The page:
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Jellyfish

Moon_jellyfish_c_Amy_LewisMoon_jellyfish_c_Amy_Lewis

By Sarah J. Dodd

As the summer holidays approach and the warm weather draws us towards the beach, it is worth remembering that we are not the only species attracted by warmth and salty water.

At this time of year, great numbers of jellyfish may amass in large ‘blooms’ – and they have already been reported, coming to a beach near you.

There are several species of jellyfish that occur in British waters and one of them – the beautiful, almost ghostly, moon jellyfish – has been sighted in large numbers off the Cumbrian coast. This species may grow from 5cm to 40cm across, and is easily recognisable by the four horseshoe shapes in the centre of the translucent bell. Common in harbours, moon jellyfish usually stay near the surface and move with the tides. Consequently they can often be found washed up on Cumbrian beaches.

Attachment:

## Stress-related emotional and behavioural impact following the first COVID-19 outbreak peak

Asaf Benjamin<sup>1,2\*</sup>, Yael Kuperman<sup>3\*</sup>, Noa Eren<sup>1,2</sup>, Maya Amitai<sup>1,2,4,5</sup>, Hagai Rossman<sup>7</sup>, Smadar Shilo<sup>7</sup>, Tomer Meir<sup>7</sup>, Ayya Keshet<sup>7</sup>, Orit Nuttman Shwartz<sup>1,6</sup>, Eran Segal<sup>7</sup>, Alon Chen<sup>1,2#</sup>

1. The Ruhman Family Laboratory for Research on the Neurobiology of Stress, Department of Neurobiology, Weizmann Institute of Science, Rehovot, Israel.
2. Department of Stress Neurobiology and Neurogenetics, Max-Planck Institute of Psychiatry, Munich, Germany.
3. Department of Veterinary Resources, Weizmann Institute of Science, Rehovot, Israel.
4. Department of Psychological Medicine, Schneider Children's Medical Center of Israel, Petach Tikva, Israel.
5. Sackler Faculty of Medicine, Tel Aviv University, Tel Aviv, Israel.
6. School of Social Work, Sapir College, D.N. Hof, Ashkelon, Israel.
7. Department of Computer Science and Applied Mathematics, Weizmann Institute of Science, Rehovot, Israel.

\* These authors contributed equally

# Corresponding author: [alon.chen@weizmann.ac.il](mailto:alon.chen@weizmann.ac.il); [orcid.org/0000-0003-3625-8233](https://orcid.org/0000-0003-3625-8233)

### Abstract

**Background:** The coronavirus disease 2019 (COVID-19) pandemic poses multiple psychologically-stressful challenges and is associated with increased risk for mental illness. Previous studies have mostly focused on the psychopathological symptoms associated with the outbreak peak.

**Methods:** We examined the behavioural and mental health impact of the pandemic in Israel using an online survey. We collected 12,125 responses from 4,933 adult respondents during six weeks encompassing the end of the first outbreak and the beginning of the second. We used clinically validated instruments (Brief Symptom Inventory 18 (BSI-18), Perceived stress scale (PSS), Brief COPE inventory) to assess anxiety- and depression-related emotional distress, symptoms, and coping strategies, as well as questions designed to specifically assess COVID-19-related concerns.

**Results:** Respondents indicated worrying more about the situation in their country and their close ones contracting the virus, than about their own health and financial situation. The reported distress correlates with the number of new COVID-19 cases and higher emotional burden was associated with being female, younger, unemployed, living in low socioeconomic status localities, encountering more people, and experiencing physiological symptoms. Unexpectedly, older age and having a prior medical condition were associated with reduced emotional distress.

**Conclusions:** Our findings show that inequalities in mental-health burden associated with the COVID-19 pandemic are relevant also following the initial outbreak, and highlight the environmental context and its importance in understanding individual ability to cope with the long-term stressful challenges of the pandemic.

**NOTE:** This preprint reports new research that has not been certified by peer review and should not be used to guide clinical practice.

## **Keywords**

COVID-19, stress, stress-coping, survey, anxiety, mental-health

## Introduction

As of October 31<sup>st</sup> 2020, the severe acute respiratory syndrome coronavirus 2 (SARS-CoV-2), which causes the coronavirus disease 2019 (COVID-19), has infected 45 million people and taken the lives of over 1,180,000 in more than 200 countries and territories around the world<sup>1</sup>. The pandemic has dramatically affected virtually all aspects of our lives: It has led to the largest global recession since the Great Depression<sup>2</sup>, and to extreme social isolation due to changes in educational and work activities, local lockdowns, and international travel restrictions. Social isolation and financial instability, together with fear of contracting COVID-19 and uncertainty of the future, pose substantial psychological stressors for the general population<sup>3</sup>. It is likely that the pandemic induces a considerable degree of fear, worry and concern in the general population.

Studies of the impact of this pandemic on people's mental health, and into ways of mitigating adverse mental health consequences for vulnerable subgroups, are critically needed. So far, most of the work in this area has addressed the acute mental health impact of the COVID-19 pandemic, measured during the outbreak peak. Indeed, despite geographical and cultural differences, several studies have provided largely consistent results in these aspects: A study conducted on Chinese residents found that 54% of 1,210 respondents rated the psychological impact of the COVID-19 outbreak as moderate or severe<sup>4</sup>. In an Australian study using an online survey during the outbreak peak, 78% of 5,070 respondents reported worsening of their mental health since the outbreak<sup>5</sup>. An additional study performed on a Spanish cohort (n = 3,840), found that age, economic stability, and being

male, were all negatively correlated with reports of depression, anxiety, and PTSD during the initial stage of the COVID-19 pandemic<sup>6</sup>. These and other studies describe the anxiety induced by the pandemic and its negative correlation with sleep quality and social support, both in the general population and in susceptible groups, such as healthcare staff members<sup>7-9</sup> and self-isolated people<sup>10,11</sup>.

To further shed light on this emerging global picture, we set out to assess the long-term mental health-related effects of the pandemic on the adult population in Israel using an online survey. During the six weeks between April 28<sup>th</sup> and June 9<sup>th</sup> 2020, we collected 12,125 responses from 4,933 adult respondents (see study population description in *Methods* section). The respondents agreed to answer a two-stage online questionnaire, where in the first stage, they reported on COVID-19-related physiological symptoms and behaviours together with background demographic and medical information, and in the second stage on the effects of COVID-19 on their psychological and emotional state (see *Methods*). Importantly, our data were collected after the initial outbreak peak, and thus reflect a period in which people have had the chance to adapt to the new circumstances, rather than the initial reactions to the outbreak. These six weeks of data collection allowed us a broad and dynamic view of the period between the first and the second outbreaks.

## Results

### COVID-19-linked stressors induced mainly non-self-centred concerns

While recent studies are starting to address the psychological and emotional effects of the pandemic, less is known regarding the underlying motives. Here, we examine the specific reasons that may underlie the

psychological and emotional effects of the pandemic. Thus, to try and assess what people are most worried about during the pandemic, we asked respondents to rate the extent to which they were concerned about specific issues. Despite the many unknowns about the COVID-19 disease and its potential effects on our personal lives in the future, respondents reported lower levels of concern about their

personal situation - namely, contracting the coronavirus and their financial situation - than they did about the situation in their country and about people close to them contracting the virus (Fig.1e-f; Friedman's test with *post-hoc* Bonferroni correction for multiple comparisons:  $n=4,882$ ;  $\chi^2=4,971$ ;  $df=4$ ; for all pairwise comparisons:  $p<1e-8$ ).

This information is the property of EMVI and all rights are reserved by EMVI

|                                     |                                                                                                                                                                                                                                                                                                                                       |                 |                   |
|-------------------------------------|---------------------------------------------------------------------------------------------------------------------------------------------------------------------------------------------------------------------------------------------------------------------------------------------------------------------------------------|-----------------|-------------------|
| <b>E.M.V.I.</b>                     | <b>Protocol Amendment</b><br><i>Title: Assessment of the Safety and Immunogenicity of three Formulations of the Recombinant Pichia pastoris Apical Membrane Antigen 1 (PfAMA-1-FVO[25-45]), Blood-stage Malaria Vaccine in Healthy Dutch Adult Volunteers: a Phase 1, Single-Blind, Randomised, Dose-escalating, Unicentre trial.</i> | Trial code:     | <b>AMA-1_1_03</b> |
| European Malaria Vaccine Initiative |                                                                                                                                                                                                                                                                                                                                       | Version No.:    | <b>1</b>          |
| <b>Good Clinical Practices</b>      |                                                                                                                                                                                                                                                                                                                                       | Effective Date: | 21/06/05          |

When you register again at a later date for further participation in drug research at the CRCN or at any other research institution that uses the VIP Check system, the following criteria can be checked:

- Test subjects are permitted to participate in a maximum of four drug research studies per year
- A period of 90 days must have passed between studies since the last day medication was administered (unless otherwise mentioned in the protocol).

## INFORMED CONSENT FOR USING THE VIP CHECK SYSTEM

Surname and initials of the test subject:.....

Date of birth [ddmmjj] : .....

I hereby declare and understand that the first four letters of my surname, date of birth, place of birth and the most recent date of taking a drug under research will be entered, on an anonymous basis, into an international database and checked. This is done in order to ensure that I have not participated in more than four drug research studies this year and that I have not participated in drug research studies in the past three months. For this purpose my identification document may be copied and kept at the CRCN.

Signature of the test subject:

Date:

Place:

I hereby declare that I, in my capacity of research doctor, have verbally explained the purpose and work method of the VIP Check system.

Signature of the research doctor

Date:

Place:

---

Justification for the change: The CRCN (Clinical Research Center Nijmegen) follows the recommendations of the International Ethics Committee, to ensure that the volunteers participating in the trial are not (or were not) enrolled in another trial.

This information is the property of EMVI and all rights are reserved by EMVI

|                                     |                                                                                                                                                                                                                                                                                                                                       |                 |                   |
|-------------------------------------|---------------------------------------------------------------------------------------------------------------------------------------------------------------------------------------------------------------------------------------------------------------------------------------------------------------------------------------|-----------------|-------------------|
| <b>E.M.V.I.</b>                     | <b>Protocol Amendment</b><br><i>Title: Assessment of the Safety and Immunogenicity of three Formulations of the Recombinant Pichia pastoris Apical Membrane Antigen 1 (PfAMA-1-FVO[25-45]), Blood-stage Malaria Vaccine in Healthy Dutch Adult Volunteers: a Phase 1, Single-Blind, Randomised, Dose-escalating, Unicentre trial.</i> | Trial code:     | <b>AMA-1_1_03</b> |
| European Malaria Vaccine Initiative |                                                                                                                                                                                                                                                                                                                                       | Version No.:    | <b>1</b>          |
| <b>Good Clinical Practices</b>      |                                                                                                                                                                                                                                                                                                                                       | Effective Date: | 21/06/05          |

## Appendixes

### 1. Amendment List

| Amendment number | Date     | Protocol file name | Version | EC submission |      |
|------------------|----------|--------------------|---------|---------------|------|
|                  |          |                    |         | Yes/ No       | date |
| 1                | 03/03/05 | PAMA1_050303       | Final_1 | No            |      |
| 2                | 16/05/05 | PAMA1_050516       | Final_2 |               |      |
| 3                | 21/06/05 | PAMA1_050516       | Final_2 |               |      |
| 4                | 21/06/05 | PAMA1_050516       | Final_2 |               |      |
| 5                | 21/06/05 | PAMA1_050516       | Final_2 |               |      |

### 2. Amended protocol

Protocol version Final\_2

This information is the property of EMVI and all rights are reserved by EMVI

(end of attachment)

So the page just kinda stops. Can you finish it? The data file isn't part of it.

Though jellyfish are intriguing to look at, it is not advisable to touch one with bare hands. The moon jellyfish may deliver a mild sting, but another species, the lion’s mane jellyfish, packs a lot more punch. Some sources suggest that the diameter of its ‘bell’ may be over 2m, and that the tentacles may be over 40 m long, making the lion’s mane jellyfish a serious contender for the biggest animal on earth, comparable with the blue whale! Fortunately for us, the specimens that inhabit the cooler waters of the Irish Sea are much smaller. However, their sting can still cause significant health issues in humans. Blisters, muscular cramps, respiratory distress and even heart problems may be seen in severe cases.

Marine conservationists advise that jellyfish should only be touched with a stick, or while wearing thick rubber gloves. Any serious stings should receive medical attention at once. Lesser stings can be treated with ice, which will significantly reduce skin pain in most cases. 

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